Recently I was asked if I could post the five colour mixing chapters from my book “Painting with Light and Colour” (Chapters 11 – 15). I will be surprised if you do not find that many of the ideas in them are new, interesting and practical. At the bottom of the page is a link to Chapter Eleven, the first of the four chapters, whose title is, “Colour mixing – definitions and misconceptions”. To whet your appetite (below the image) I have included a slightly edited version of its “Introductory”.
Introductory to Chapter Eleven
At the outset of my life as an artist, my conception of colour-mixing was of a dry and mechanical subject. I thought of it as no more than one of those necessary basic skills that could easily be picked up along the road. To my surprise, nothing turned out to be quite so routine as it had seemed, and one line of enquiry led to another in a most seductive way. Each new development plunged me deeper into the history either of science or of art, until an engagingly coherent story emerged. The result was a practical understanding of a kind that might be difficult to find elsewhere.
“Most how-to-do-it art books have sections on colour-mixing and there are a number of tomes that offer technical information for professionals. These latter tell us that scientists have understood the physics underpinning colour-mixing theory for a very long time: Certainly they have done so since James Clerk Maxwell’s lecture on colour vision, given at the Royal Institute, two years before the First Impressionist Exhibition in 1874.
In view of the availability of all these sources of information, it might be thought that there is nothing left to add. Unfortunately, this is far from the case. The problem is that:
- Too many painters are being seriously misled by the half-truths and even falsehoods which have entered into the stock in trade of popular colour-mixing theory.
Science has far from stood still since the 1870s.
- Particularly since the 1970s, scientists have been finding out a great deal of new information about how eyes and brains work and, as a result, have arrived at a number of new understandings that could help artists in practical ways, which are not being made use of by the artistic community.
For these reasons and others, it is clear to me that there is a need for the up-to-date approach to practical colour mixing that is supplied by the next chapters.
One approach to clarifying matters is to place the information presented in an historical context. Doing so reveals that:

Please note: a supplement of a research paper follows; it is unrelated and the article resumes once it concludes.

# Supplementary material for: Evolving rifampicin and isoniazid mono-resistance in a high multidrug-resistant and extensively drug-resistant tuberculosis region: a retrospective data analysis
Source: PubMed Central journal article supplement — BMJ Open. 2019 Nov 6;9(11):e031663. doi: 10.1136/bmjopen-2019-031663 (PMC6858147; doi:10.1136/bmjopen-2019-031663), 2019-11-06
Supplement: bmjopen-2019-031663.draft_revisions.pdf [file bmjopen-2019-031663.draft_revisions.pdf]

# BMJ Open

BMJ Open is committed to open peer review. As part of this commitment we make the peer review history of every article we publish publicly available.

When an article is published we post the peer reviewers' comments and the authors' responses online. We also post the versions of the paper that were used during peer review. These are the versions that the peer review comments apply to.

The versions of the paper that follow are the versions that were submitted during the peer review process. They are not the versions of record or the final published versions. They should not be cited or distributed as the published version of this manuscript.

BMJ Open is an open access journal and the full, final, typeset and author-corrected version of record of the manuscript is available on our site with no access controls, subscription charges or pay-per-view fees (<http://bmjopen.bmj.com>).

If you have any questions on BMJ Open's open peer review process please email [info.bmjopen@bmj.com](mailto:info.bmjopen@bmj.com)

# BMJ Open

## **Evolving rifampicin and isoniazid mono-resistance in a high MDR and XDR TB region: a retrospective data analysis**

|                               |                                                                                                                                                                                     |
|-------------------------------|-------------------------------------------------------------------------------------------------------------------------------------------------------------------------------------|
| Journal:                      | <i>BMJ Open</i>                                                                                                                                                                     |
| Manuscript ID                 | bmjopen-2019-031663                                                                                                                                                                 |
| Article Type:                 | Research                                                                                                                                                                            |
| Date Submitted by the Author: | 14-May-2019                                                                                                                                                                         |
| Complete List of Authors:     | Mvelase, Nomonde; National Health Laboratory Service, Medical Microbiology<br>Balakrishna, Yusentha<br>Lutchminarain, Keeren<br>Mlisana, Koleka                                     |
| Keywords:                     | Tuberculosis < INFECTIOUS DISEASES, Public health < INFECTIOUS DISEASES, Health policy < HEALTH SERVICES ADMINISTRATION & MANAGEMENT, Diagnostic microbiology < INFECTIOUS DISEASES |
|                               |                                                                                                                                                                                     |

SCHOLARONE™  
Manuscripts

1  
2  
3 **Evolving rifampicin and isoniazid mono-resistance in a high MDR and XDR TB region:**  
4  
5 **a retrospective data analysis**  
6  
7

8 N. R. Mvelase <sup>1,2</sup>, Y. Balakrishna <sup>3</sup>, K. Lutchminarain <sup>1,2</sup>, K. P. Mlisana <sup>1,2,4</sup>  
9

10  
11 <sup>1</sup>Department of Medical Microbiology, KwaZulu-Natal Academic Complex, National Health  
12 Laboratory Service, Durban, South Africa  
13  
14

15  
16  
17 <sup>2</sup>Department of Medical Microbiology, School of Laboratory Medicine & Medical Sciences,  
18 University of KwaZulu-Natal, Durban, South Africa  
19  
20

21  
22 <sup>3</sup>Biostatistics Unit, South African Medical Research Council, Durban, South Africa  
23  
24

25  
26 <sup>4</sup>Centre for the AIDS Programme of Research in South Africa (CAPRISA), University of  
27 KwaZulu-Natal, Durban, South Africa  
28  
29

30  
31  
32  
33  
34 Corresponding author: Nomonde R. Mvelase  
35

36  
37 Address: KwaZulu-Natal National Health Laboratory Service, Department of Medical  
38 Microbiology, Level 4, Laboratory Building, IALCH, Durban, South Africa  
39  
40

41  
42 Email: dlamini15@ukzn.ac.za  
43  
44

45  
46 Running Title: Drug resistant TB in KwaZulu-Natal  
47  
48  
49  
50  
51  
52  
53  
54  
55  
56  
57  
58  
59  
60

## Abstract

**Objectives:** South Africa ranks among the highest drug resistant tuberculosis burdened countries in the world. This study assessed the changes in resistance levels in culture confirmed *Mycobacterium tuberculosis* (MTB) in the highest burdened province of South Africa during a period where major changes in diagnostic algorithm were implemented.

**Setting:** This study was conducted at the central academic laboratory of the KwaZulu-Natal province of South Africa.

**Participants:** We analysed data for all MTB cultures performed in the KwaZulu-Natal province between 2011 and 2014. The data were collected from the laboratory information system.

- Some of the best of ideas have been obscured by the passage of time.
- The evolution of colour-mixing theory, owes much to parallel development of the histories of science and of art.
- The story of when, how and why artists adopted new colour-mixing practices, provides many insights into their potential uses in painting.
With respect to the links between the discoveries of the scientists of visual perception and the practice of the artists, the evidence is usually sparse and often ambiguous. To compound the problem history (not least the history of science) becomes distorted because it is told by people who write with the benefit of hindsight and sometimes from the perspective of a particular prejudice.
It may surprise some people to find how many famous scientists are credited both with more originality and much more fully developed and rounded versions of their ideas than they actually had. A mismatch of this kind may be suspected in the relation between the confusions inherent in the early development of the ideas developed by Seurat and Cézanne and the neat synthesis of them by Professor Bohusz-Szyszko. Similarly it is unlikely that any of the early Impressionists had as clear a conceptual framework concerning the real surface/illusory space dynamic as was eventually to evolve from their pioneering ideas. While these are very interesting areas for discussion, the process of trying to unearth and pin down exactly what the early pioneers had in mind is a work for scholars. The focus of this book is artistic practice and it is the more refined picture as developed by the more recent artists and theorists that are the most useful in terms of their practical value.
We start a short survey of these by providing some basic definitions as used in this book:
Other Chapters from “Painting with Light and Colour”.
- Introduction: the little known Science behind many of the original practical suggestions.
- Chapter 1 : The dogmas
- Chapter 2 : Doubts
- Chapter 3 : The nature of painting
- Chapter 4: Renaissance ideas
- Chapter 5 : New Science on offer
- Chapter 6 : Early Modernist Painters
- Chapter 7 : The perception of surface
- Chapter 8 : Seurat and Painting with Light
- Chapter 9 : Seeing Light
- Chapter 10 : Illusory pictorial space and light
- Chapter 11 : Colour mixing – definitions and misconceptions
- Chapter 12: The colour circle: Misunderstandings
- Chapter 13 : Finding a maximum of colours
- Chapter 14 – Colour mixing made easy
- Chapter 15 – Colour mixing by layering
Other Posts on colour and light in painting:
- What are colourists? (1): Some of the many meanings of the word
- What are colourists? (2): Difference between meaning of the word for Venetian Colourists and for Modernist Colourists?
- What does the word “colour” mean?
Chapters from “What Scientists can Learn from Artists”
These deal in greater depth with subjects that feature in the other volumes